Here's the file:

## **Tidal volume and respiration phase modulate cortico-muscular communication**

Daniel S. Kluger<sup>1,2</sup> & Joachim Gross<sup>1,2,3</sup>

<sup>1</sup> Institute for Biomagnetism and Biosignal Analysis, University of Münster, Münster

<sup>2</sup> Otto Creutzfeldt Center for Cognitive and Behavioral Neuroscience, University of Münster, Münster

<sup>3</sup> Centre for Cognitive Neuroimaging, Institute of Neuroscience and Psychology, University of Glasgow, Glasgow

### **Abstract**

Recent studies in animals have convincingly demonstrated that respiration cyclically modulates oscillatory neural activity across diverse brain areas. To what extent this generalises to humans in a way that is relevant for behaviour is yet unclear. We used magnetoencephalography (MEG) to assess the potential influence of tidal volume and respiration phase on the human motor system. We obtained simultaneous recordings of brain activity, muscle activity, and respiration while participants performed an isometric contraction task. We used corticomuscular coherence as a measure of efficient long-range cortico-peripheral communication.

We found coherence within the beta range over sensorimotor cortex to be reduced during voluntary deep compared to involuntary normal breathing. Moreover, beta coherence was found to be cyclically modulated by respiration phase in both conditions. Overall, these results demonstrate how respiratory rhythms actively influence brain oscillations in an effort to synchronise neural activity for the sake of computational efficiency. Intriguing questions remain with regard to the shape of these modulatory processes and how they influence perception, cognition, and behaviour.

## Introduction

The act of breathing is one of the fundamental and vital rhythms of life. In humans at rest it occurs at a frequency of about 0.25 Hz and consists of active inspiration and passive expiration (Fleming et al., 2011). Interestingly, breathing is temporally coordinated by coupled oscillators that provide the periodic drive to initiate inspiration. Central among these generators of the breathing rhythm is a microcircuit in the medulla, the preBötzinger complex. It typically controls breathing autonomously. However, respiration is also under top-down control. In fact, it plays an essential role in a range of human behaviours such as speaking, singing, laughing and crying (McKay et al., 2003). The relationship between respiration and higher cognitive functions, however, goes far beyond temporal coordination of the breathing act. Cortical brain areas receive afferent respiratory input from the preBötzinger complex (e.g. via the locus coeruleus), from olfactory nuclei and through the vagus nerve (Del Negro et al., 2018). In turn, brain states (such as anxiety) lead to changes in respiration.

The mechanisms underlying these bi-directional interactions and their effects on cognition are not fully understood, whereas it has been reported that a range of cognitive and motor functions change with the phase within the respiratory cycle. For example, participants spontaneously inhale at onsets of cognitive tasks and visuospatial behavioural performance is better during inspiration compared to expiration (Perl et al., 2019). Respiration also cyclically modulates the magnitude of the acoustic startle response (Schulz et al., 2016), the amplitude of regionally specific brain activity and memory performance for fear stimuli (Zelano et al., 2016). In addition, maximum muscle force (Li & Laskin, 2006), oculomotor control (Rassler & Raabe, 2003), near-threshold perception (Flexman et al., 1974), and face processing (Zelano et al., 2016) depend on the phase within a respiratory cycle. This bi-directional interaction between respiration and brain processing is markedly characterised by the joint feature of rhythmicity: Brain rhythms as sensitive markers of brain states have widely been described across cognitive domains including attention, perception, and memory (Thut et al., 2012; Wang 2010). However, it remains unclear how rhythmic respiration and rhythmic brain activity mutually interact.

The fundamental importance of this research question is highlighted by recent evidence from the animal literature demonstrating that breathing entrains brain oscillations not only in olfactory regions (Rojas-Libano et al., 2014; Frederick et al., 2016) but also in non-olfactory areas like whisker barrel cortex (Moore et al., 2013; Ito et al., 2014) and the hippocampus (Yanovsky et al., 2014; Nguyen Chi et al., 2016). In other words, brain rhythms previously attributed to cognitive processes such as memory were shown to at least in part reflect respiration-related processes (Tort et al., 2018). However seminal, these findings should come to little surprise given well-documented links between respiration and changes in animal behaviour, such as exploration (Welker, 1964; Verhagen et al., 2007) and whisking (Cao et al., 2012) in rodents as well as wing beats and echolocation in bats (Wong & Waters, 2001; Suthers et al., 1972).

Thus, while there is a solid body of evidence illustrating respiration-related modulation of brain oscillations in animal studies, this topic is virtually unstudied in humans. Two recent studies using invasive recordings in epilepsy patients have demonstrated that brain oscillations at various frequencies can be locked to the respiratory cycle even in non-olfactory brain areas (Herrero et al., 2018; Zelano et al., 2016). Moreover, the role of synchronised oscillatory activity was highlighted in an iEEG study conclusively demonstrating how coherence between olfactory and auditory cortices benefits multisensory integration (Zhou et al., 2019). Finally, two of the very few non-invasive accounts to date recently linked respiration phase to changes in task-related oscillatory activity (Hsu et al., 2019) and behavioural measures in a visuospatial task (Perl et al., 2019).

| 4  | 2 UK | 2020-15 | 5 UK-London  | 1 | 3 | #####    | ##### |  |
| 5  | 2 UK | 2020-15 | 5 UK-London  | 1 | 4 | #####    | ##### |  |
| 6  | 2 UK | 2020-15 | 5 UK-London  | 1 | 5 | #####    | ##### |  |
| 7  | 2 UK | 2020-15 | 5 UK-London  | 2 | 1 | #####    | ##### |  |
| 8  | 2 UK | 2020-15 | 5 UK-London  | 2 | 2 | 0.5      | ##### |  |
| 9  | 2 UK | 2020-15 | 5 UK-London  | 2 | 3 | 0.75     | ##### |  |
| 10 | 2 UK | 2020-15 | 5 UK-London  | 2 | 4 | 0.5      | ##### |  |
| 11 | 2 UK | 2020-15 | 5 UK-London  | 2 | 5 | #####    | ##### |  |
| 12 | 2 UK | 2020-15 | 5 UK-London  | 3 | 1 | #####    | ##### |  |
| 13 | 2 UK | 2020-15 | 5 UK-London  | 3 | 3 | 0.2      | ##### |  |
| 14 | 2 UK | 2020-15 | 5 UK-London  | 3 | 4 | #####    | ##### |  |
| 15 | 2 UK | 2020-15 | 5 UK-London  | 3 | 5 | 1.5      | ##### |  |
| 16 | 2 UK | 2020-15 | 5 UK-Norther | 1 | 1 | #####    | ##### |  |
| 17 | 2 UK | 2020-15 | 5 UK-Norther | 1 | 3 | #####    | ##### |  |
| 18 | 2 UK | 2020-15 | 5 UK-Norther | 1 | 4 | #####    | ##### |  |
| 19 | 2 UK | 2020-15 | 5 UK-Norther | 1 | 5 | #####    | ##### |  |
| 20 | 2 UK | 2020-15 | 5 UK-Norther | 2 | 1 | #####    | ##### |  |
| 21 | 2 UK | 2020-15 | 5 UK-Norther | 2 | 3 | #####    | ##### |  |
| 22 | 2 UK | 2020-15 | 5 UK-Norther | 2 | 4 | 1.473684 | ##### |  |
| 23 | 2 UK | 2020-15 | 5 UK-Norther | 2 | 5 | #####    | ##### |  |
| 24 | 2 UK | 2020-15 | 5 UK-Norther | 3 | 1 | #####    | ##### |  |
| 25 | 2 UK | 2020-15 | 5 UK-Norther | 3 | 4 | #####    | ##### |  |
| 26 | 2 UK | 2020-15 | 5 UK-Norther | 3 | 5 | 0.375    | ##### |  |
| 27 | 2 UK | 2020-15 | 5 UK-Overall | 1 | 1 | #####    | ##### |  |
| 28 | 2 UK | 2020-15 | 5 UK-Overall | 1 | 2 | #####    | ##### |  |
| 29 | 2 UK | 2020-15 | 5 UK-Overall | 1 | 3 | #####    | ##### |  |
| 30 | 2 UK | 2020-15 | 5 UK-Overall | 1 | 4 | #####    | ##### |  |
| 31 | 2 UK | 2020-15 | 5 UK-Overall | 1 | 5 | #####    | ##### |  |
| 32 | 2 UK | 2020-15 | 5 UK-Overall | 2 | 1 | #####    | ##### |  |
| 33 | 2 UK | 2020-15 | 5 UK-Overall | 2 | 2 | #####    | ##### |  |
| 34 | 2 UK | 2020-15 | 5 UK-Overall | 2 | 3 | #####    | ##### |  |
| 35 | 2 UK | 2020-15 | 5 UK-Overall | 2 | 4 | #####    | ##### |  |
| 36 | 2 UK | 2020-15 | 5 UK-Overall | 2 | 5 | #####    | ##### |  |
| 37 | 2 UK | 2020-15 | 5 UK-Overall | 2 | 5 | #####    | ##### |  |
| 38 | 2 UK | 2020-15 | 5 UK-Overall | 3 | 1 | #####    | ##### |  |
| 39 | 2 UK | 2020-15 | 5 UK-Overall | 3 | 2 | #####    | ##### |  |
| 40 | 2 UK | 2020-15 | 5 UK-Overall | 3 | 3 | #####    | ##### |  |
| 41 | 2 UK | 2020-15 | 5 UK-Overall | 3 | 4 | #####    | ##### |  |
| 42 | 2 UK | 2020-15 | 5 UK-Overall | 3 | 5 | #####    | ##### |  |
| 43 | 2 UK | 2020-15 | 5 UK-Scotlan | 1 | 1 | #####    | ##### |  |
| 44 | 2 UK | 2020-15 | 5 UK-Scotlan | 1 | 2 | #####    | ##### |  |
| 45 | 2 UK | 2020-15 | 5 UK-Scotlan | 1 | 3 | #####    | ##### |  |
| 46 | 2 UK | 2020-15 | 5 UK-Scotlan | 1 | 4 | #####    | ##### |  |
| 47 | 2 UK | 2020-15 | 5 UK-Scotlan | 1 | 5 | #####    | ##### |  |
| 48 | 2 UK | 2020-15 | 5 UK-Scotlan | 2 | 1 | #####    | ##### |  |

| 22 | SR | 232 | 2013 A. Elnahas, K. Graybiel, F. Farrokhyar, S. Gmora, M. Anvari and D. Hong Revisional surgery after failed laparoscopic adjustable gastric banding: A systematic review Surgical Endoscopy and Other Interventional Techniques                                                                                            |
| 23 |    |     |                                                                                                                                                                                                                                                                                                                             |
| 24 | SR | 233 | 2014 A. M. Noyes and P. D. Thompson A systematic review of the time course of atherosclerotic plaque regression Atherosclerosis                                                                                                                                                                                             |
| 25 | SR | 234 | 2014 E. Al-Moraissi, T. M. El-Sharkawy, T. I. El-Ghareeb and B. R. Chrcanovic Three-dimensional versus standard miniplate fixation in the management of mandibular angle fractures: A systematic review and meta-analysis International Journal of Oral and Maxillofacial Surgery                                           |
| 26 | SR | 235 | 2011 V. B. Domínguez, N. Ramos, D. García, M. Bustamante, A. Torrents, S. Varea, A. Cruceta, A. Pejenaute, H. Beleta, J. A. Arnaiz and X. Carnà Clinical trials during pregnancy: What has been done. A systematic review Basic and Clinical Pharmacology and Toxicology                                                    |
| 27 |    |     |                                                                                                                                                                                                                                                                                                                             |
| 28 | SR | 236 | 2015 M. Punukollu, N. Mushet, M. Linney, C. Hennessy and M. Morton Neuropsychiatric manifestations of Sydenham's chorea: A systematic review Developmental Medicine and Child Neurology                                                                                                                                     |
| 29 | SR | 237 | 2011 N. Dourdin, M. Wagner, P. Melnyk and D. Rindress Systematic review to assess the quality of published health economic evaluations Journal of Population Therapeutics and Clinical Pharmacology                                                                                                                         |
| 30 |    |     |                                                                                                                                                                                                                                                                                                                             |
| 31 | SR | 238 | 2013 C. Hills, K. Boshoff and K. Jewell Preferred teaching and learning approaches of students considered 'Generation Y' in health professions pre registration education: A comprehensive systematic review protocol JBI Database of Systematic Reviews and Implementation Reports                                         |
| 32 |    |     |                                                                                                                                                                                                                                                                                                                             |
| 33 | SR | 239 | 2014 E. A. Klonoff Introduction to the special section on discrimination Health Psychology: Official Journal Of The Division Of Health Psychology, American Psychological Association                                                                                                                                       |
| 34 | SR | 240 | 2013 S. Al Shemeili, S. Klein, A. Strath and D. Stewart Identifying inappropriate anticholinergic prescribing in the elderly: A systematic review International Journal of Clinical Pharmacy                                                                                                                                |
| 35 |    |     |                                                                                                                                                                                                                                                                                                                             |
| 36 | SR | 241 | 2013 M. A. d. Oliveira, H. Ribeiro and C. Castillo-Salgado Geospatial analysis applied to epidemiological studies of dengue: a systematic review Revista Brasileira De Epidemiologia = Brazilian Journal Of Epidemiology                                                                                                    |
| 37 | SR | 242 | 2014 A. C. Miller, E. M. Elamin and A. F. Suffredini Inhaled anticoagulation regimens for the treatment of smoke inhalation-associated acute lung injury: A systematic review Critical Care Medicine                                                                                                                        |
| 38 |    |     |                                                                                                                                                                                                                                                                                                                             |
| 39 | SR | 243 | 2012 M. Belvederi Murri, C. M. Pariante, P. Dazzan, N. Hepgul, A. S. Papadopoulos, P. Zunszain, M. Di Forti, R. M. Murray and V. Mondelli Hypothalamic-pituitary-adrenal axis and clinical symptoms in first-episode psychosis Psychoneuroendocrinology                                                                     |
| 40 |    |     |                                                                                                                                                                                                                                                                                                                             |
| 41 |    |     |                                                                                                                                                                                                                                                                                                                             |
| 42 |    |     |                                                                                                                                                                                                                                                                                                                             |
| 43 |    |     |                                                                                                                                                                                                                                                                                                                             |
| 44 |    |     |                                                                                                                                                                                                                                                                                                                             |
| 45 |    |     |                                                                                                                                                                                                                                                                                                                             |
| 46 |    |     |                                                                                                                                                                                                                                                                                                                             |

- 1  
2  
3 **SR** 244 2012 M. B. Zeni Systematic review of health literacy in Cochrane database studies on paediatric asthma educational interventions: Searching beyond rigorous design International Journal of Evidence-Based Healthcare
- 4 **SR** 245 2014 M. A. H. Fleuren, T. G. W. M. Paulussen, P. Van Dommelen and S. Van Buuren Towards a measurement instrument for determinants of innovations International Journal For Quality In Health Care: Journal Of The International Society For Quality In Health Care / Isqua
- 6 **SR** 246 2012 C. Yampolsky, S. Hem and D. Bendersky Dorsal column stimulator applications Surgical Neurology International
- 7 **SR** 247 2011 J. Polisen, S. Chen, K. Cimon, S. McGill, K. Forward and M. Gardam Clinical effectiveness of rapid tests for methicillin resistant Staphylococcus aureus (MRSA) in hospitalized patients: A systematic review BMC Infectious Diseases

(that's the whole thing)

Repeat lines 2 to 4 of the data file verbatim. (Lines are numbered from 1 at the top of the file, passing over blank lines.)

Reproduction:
Daniel S. Kluger<sup>1,2</sup> & Joachim Gross<sup>1,2,3</sup>

<sup>1</sup> Institute for Biomagnetism and Biosignal Analysis, University of Münster, Münster

<sup>2</sup> Otto Creutzfeldt Center for Cognitive and Behavioral Neuroscience, University of Münster, Münster